Has The Dust Settled?
Michael Ernest Sweet
If you’re not sure what I am talking about, I’m referring to the dust storm of activity that has characterized the street photography world over the past few years. I dare say it has been “the” most popular segment in photography. On certain days it really does seem like not only everyone, but everyone and their dog, is out shooting street. I’ve written elsewhere about the inherent value, or lack thereof, in this pursuit – so let’s avoid that discussion here. Rather than question why, or whether there is any sense in all this photography generation, I want to discuss how the genre is maturing and, perhaps, cooling off, way off.
Copyright ⓒ Michael Ernest Sweet
One thing you will probably notice with little effort, supposing you’ve been around street photography for some time, is that many early personalities have fallen off or even disappeared altogether. Yours truly is one such figure. I remain rooted in photography writing, but have not wielded a camera, in any serious way, for well over two years. I’m not alone. Yanidel, a prominent name in earlier times, has all but faded away. His website, while still technically there, sports a bunch of broken code and links as the backdrop. Christophe Debon, a master street photographer from the early craze, now finds more pleasure, and likely more money, in managing sales for Blancpain – a storied Swiss watchmaker. We might also turn to more controversial figures like Alex Coghe or that Kim what’s-his-name, to collect more evidence about the current state of the “scene”. A few years ago Alex was all over the place. Now, not so much. Indeed, he has restyled himself a “photojournalist” and has shied away from the term “street photographer”. He is not alone. One after another former street photographers are not restyling themselves as photojournalists, documentary photographers (another title Alex totes), portrait photographers, and even landscape photographers (a term that no one would have touched with a pole just a few short years ago). Indeed, as one of my friends and colleagues in the street community recently said, “Anything but a street photographer works for me”. As for Kim, well he’s doing what he’s always been doing – beguiling the young and innocent, selling air to “first-time camera owners”.
Copyright ⓒ Michael Ernest Sweet
So, why all this hustle to get disassociated with the genre? Well, frankly put, because everyone is tired of it. We have all seen enough bad street photography (i.e. photos of nobody doing nothing made by nobody’s grandson). Art galleries and top-notch publications screen their mail for street photography like Washington does for anthrax. Finally, someone has finally pointed out that the Emperor is indeed naked, very, very naked. So where does that leave us? Well, it leaves us looking for the next thing – the next big fad in photography, something that can actually interest someone and inspire commercial activity. Right now the only people making any money in street photography are the camera manufacturers and the hustlers selling “workshops” – think 80s pyramid schemes and you’re pretty much there. This does not mean that street photography est mort. No, street photography has existed as long as the camera and it will continue to do so. But when much of the dust has settled there will be far fewer “street photographers” and a lot less street photography.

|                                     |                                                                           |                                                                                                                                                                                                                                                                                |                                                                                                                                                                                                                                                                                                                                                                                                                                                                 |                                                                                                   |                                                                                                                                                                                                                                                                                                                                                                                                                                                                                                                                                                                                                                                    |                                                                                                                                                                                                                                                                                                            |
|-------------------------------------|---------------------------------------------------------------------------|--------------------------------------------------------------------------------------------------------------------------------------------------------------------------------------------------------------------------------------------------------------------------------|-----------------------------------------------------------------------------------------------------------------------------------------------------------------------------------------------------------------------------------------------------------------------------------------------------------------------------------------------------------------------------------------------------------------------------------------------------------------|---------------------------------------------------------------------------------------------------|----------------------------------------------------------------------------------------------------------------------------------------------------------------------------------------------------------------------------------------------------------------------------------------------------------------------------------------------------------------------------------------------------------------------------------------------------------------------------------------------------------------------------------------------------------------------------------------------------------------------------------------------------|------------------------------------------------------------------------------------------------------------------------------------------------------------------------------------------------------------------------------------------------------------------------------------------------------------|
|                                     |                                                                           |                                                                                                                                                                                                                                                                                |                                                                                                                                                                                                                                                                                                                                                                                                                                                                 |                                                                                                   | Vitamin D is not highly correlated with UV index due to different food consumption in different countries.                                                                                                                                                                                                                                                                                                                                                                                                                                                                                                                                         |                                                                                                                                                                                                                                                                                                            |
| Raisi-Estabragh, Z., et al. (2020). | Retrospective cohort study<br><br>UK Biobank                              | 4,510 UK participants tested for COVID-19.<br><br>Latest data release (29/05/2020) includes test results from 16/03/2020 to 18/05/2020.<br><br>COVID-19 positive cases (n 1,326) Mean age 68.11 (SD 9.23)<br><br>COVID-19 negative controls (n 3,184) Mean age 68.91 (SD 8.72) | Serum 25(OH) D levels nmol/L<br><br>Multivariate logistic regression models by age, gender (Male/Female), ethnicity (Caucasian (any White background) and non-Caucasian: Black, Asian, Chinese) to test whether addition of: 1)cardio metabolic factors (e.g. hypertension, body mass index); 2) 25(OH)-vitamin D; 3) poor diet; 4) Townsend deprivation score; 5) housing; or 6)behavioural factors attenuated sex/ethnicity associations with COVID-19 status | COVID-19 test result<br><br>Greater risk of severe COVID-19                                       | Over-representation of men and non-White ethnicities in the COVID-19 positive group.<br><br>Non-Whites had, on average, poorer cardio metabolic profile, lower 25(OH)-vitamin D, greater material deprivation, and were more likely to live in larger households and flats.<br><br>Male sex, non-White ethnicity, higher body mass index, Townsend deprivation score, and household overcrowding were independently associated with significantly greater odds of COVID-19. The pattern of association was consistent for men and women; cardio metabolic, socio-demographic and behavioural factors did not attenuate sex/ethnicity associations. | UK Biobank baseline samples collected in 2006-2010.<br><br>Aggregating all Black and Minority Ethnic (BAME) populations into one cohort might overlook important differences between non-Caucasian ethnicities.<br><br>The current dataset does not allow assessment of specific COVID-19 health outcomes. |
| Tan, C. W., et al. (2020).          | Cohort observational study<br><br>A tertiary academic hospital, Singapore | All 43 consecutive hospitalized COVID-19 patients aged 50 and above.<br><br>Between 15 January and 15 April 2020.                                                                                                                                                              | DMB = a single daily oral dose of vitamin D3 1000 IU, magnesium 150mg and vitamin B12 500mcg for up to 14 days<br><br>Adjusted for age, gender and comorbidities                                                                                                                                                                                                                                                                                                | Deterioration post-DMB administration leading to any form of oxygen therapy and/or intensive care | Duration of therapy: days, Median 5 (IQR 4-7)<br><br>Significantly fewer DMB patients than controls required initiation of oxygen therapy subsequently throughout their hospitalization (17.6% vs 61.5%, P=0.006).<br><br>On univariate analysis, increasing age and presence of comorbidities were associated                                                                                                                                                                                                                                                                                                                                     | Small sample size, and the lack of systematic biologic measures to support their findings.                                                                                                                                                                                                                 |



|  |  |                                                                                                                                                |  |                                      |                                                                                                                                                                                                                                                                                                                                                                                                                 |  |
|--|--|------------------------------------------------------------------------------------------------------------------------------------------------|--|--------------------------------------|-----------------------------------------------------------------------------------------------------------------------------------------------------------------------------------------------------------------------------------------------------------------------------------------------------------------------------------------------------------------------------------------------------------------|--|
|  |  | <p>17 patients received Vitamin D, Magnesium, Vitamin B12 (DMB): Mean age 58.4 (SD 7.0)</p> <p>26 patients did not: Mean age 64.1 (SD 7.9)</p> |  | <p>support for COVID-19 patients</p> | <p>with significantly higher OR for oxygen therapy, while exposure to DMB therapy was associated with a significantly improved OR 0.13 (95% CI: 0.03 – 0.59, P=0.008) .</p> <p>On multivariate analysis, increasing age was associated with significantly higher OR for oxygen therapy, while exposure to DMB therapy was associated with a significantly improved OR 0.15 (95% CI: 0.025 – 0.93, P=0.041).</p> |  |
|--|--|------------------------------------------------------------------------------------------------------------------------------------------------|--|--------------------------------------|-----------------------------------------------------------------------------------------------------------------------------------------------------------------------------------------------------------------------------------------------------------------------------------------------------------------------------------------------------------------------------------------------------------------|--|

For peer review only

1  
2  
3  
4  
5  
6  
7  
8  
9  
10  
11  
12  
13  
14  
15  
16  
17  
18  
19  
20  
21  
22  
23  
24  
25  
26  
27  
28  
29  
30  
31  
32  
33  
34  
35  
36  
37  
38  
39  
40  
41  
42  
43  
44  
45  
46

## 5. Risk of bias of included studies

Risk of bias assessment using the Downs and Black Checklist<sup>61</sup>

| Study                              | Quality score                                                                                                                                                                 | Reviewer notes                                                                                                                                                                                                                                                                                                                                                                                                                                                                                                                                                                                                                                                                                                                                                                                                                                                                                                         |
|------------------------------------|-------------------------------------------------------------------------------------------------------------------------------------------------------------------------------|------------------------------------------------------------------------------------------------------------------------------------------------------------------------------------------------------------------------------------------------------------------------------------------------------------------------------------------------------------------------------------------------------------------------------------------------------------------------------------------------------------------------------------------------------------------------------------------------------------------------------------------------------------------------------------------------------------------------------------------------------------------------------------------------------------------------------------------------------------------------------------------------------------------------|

What will be the next big thing? Who knows. If I could predict things I would direct my energy toward the equity markets, not photography. But, if I had to guess, I’d place my chips on conceptual photography – work that is largely produced on a computer and that aims to captivate by way of artistic creation rather than photographic reproduction. Put another way, photographs will be the stuff with which artists will create. So, should anyone need a stray elbow or an old woman’s behind, be sure to get in touch with me. I have lots of material.
Don’t you think Street Photo might be appealing to most, but it’s too hard for most?
It’s very nice to think of yourself as a spiritual child of HCB or Winogrand, but reality kicks in after you open the files on your computer.
IMO Street Photo requires too much patience and dedication for most people.
Also, you are right about the overload of the same exact type of images.
There are too many “pretty pictures”, which forget to tell a compelling story.
A story is unique. A pretty picture is just a pretty picture.